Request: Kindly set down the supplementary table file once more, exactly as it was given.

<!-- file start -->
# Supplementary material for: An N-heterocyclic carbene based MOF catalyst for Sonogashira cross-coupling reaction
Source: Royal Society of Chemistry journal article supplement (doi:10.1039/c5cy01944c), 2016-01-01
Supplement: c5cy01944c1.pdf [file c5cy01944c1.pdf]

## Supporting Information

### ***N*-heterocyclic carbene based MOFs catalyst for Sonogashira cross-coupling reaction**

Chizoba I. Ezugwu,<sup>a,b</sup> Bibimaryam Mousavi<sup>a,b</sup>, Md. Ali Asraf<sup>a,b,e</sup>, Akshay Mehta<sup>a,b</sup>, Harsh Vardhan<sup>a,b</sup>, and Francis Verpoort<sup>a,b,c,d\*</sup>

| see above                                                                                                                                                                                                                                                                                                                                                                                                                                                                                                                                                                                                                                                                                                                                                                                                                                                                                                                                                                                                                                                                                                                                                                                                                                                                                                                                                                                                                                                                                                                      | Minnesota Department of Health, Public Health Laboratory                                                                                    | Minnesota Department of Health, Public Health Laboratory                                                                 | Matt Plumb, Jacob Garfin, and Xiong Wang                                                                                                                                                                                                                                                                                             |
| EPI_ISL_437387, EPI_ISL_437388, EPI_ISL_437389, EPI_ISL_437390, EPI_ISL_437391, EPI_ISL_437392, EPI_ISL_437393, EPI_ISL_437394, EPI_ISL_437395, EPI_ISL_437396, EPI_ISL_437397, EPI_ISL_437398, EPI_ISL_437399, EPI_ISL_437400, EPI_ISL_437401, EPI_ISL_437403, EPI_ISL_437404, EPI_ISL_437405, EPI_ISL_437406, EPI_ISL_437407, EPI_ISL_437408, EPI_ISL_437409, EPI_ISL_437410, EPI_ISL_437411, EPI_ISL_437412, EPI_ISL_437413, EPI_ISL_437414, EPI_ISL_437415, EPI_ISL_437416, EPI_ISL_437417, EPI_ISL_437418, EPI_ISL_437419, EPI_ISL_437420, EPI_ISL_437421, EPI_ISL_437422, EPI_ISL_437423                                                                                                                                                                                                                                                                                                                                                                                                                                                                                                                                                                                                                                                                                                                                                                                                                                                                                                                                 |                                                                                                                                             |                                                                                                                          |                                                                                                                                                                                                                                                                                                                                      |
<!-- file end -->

# Supplementary material for: An N-heterocyclic carbene based MOF catalyst for Sonogashira cross-coupling reaction
Source: Royal Society of Chemistry journal article supplement (doi:10.1039/c5cy01944c), 2016-01-01
Supplement: c5cy01944c1.pdf [file c5cy01944c1.pdf]

## Supporting Information

### ***N*-heterocyclic carbene based MOFs catalyst for Sonogashira cross-coupling reaction**

Chizoba I. Ezugwu,<sup>a,b</sup> Bibimaryam Mousavi<sup>a,b</sup>, Md. Ali Asraf<sup>a,b,e</sup>, Akshay Mehta<sup>a,b</sup>, Harsh Vardhan<sup>a,b</sup>, and Francis Verpoort<sup>a,b,c,d\*</sup>

| see above                                                                                                                                                                                                                                                                                                                                                                                                                                                                                                                                                                                                                                                                                                                                                                                                                                                                                                                                                                                                                                                                                                                                                                                                                                                                                                                                                                                                                                                                                                                      | Minnesota Department of Health, Public Health Laboratory                                                                                    | Minnesota Department of Health, Public Health Laboratory                                                                 | Matt Plumb, Jacob Garfin, and Xiong Wang                                                                                                                                                                                                                                                                                             |
| EPI_ISL_437387, EPI_ISL_437388, EPI_ISL_437389, EPI_ISL_437390, EPI_ISL_437391, EPI_ISL_437392, EPI_ISL_437393, EPI_ISL_437394, EPI_ISL_437395, EPI_ISL_437396, EPI_ISL_437397, EPI_ISL_437398, EPI_ISL_437399, EPI_ISL_437400, EPI_ISL_437401, EPI_ISL_437403, EPI_ISL_437404, EPI_ISL_437405, EPI_ISL_437406, EPI_ISL_437407, EPI_ISL_437408, EPI_ISL_437409, EPI_ISL_437410, EPI_ISL_437411, EPI_ISL_437412, EPI_ISL_437413, EPI_ISL_437414, EPI_ISL_437415, EPI_ISL_437416, EPI_ISL_437417, EPI_ISL_437418, EPI_ISL_437419, EPI_ISL_437420, EPI_ISL_437421, EPI_ISL_437422, EPI_ISL_437423                                                                                                                                                                                                                                                                                                                                                                                                                                                                                                                                                                                                                                                                                                                                                                                                                                                                                                                                 |                                                                                                                                             |                                                                                                                          |                                                                                                                                                                                                                                                                                                                                      |